Walmart pays $282M to end lengthy bribe probes
Walmart Inc. ended a seven-year investigation by the U.S. government over payments made to fast-track store openings in several countries by agreeing to pay more than $282 million in penalties. Its Brazilian unit admitted to violating a federal anti-bribery law.
In parallel announcements on Thursday, the Justice Department and the Securities and Exchange Commission faulted the country’s largest retailer for not having controls in place to vet third-party companies it worked with to open stores in Mexico, China, Brazil and India. Walmart will pay about $138 million in criminal penalties and $144 million in disgorgement to resolve the SEC’s allegations.
WMT Brasilia pleaded guilty Thursday to failing to keep accurate records, while the U.S. parent reached a non-prosecution agreement with the Justice Department over violations of the Foreign Corrupt Practices Act. The company will have a compliance monitor for two years as part of that accord.
“Walmart is committed to doing business the right way, and that means acting ethically everywhere we operate," Walmart President and CEO Doug McMillon said in a statement. "We’ve enhanced our policies, procedures and systems and invested tremendous resources globally into ethics and compliance, and now have a strong Global Anti-Corruption Compliance Program."
The resolution, disclosed in court filings in Virginia and press releases, was a muted end to what was once seen as one of the largest foreign bribery cases launched by the U.S. While the penalty is about one-sixth of the $1.78 billion levied against Petroleo Brasileiro SA last fall in one of South America’s biggest corruption scandals, Walmart wound up spending about $1 billion in legal fees and other costs related to the investigation.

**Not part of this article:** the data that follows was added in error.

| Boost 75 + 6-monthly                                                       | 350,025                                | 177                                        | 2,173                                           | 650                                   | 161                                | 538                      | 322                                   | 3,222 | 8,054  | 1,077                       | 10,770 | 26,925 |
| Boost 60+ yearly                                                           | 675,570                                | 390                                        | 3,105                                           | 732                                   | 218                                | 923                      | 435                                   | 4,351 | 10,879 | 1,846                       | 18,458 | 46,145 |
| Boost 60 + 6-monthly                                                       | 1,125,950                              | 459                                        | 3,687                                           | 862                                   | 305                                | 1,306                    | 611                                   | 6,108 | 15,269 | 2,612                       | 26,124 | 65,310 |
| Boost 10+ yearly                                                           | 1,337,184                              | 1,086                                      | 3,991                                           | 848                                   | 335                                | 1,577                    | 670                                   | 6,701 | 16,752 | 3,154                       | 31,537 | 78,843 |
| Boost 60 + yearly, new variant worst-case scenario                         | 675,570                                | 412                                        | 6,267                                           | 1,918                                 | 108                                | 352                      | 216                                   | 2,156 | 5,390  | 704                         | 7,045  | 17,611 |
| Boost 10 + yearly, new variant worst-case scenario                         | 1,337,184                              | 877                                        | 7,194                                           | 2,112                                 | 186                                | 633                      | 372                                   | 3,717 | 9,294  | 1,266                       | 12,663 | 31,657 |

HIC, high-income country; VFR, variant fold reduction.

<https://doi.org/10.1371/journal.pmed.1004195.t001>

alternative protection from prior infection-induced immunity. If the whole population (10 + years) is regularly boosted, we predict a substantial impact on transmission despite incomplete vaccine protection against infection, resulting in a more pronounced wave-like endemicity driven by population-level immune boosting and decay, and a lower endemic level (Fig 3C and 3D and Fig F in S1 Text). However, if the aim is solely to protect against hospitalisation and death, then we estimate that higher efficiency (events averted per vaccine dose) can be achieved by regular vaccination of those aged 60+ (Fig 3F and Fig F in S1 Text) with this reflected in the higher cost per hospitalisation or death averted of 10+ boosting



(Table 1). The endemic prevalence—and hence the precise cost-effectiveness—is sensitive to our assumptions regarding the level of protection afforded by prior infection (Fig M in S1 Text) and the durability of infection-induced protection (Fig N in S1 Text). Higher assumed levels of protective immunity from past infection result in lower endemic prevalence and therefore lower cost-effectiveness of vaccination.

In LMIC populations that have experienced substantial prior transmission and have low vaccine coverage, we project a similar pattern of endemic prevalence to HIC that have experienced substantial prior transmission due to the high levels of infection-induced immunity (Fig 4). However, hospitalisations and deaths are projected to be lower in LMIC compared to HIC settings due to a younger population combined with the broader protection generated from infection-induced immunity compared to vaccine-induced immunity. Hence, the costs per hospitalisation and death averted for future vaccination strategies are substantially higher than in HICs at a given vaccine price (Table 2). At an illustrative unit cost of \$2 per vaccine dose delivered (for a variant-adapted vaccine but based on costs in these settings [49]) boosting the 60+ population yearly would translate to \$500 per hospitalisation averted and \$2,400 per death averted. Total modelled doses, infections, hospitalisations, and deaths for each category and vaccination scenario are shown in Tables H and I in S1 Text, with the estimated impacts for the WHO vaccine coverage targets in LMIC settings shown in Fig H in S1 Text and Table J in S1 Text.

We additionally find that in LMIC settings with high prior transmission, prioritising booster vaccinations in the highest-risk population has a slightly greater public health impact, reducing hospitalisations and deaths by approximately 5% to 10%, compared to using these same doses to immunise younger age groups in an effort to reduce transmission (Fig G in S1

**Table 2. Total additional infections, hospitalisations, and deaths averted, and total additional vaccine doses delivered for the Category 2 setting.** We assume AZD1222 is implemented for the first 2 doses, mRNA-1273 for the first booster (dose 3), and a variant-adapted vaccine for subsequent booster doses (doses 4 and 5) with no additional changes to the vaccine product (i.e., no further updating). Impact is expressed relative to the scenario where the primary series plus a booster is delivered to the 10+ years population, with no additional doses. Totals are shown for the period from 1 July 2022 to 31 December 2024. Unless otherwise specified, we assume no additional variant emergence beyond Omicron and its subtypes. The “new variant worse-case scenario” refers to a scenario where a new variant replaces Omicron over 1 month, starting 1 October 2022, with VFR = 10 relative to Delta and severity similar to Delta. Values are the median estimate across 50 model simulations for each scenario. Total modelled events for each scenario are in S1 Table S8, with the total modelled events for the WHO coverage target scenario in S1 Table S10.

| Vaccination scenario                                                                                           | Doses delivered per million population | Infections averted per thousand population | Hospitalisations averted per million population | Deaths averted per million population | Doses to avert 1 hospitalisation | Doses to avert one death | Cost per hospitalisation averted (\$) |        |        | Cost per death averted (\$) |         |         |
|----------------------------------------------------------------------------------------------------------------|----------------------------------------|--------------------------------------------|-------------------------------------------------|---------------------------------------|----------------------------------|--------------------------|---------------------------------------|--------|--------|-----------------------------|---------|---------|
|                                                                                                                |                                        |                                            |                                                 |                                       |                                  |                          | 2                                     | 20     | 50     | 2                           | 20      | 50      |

DOJ and SEC officials said Walmart didn’t take necessary steps to avoid corruption.
“Walmart valued international growth and cost-cutting over compliance,” said Charles Cain, chief of the SEC’s FCPA unit. “The company could have avoided many of these problems, but instead Walmart repeatedly failed to take red flags seriously and delayed the implementation of appropriate internal accounting controls.”
Walmart disclosed possible violations in Mexico to the Justice Department and SEC in November 2011. The following year, the New York Times outlined details of allegations that the retailer paid some $24 million to Mexican officials to win quick zoning changes, sidestep licenses and environmental permits and deflect opposition to open stores, turning Walmart into that country’s largest private-sector employer.
The Times article set off a resurgence of foreign bribery investigations, which had begun to accumulate court losses and gain corporate enemies who were pushing Congress to rein in prosecutors.
But the Walmart case posed challenges for investigators. Much of the conduct uncovered in Mexico, for example, couldn’t be used as evidence because it was too old, according to the people familiar with the matter. So the government sought to build stronger cases in other countries. In Brazil and India, investigators found more recent examples of what they believed were improper payments, yet struggled to find examples of rampant misconduct in China, the people said.
In the closing days of the Obama administration, Walmart balked at demands to pay more than $600 million in penalties, leading prosecutors to go back to gather more evidence from witnesses, people familiar with matter told Bloomberg at the time.
In 2017, the company set aside almost $300 million for a possible settlement, after which the sides deadlocked over what misconduct the retail giant would admit to, a person familiar with the matter previously said.
On Thursday, Walmart’s Brazilian unit admitted that $527,000 in improper payments to an intermediary were inaccurately recorded on financial records. Walmart Brazil employees logged those payments as going to construction companies when they knew the money was going to a former Brazilian government official, according to the plea agreement filed in Virginia. The former official helped Walmart win a construction permit. Walmart earned more than $3.6 million in profit from stores built by these construction companies.
With assistance from Andrew Harris and Matt Robinson.